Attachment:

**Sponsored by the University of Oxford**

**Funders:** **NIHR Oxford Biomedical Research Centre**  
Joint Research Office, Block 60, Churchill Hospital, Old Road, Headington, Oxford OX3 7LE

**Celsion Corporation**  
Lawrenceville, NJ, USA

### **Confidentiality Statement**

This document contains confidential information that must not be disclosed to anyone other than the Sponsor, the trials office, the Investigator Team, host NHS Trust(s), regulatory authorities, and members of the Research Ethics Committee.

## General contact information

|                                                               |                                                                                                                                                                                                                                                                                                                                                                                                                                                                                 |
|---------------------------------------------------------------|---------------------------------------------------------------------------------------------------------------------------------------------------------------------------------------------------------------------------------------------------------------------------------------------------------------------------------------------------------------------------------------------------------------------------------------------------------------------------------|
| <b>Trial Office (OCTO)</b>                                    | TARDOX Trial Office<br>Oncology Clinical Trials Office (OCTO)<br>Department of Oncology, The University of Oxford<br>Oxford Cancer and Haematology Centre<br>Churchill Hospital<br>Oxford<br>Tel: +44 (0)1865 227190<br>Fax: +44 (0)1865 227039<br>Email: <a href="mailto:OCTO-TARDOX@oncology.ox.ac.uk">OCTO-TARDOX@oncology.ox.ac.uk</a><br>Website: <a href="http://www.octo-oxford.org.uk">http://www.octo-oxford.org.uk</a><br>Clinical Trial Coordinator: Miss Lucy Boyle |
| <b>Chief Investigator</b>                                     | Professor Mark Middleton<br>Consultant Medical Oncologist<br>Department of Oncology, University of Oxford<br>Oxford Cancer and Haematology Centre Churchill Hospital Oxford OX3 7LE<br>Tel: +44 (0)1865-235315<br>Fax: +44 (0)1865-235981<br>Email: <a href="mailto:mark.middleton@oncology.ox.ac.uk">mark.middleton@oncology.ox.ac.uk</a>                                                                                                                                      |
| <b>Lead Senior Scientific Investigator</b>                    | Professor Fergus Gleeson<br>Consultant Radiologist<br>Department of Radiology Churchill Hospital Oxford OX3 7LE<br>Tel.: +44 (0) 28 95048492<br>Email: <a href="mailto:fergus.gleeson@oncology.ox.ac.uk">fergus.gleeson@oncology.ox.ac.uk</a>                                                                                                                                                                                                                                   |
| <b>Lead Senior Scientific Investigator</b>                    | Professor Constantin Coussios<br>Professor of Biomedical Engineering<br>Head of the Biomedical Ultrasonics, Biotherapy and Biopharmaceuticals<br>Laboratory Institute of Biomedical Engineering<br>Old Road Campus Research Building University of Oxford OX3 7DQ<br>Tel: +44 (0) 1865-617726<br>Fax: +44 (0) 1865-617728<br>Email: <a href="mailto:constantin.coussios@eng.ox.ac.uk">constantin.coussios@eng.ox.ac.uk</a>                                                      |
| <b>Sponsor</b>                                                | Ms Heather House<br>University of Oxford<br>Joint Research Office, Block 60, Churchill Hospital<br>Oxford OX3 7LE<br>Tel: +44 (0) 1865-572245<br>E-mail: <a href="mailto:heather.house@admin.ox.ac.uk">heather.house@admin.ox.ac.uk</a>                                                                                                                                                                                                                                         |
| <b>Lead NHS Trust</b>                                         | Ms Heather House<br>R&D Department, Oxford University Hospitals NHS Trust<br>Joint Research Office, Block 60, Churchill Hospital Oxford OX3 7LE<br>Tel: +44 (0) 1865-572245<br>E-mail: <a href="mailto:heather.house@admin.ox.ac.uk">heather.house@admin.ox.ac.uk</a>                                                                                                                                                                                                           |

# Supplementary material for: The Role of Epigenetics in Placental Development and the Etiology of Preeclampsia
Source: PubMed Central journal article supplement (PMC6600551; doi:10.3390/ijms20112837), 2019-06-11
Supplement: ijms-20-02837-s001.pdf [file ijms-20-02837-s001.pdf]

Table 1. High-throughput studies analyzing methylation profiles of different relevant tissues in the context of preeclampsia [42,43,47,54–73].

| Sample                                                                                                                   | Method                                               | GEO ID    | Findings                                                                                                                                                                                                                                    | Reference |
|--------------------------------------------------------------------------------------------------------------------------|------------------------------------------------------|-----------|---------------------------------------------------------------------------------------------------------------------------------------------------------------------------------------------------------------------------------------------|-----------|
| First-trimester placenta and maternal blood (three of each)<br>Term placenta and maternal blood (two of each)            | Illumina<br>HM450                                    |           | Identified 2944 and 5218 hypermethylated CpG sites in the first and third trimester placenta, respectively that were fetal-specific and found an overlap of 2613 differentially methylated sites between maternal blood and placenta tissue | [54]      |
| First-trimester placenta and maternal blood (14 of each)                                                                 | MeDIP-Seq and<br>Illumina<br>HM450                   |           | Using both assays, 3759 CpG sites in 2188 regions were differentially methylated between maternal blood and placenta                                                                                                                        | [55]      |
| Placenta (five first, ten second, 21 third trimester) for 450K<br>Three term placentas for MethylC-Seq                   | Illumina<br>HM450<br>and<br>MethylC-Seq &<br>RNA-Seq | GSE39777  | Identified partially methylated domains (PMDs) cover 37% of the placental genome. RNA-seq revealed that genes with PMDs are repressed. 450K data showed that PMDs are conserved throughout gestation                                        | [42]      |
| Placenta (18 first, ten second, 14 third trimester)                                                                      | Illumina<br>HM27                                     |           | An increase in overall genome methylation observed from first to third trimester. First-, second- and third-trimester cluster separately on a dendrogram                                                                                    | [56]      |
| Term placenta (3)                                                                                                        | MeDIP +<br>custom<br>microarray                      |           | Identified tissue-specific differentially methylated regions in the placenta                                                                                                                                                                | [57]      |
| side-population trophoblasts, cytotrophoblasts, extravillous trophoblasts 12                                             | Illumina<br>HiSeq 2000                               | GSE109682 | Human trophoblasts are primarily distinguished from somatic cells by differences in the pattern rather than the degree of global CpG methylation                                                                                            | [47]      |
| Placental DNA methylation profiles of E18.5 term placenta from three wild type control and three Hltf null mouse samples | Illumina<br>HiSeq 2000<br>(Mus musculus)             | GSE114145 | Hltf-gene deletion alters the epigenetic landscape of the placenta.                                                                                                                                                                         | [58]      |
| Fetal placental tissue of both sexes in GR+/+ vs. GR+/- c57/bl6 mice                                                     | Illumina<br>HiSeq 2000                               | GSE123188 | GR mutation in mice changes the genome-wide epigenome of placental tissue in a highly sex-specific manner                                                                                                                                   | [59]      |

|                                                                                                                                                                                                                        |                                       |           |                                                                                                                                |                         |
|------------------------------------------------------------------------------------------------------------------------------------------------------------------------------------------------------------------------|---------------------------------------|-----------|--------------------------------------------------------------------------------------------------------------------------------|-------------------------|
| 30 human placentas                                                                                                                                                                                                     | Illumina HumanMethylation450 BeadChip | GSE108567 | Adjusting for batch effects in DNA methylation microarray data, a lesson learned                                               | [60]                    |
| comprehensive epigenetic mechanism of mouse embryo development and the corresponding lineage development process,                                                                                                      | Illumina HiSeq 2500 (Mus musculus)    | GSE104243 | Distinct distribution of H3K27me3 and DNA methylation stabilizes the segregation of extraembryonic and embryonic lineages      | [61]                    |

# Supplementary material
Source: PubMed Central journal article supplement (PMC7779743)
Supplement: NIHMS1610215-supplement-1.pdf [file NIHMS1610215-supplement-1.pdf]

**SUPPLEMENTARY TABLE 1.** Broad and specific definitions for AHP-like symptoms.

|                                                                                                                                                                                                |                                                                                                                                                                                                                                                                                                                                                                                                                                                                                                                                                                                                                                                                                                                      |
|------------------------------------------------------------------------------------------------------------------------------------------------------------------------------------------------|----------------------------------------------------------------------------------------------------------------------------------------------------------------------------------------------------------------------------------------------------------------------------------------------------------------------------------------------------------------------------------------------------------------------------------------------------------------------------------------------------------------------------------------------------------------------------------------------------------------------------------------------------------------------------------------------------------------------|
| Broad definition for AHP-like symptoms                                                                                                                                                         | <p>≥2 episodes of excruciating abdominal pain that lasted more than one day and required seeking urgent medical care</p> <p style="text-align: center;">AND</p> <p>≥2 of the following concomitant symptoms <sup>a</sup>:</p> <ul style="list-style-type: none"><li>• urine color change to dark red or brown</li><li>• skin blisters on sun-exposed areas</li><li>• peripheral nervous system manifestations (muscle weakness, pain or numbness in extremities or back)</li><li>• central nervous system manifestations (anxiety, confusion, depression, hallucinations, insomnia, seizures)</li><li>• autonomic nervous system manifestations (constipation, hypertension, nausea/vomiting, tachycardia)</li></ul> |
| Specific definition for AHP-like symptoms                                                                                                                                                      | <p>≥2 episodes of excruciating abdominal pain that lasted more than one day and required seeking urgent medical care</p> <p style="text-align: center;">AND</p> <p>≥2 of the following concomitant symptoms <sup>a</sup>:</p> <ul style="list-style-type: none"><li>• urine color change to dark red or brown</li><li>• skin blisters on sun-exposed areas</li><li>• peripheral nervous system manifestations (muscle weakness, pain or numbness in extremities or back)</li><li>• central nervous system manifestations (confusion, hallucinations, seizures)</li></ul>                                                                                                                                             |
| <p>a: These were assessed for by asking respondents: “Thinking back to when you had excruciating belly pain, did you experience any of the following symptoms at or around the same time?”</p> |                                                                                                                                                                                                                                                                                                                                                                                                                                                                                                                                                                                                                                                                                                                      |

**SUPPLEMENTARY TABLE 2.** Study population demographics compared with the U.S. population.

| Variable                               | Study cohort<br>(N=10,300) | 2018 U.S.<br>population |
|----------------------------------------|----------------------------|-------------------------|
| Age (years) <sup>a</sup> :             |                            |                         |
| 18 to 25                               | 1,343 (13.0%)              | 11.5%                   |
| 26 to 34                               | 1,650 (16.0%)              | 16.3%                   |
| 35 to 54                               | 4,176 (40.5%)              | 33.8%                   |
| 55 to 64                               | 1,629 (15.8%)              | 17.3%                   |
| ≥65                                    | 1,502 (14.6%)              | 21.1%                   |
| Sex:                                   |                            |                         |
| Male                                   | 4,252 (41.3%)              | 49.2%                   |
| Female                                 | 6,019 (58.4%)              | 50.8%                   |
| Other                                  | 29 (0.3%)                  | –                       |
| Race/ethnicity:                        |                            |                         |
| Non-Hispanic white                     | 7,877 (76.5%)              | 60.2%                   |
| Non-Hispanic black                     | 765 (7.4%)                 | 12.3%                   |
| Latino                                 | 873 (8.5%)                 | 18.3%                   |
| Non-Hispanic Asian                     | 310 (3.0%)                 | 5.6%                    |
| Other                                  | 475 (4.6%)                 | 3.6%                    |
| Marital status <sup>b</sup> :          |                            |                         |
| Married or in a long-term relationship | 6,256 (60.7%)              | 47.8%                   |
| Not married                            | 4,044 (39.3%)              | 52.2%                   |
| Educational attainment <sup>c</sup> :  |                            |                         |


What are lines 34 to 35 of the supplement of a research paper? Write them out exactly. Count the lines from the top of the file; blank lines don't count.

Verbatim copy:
| comprehensive epigenetic mechanism of mouse embryo development and the corresponding lineage development process,                                                                                                      | Illumina HiSeq 2500 (Mus musculus)    | GSE104243 | Distinct distribution of H3K27me3 and DNA methylation stabilizes the segregation of extraembryonic and embryonic lineages      | [61]                    |

# Supplementary material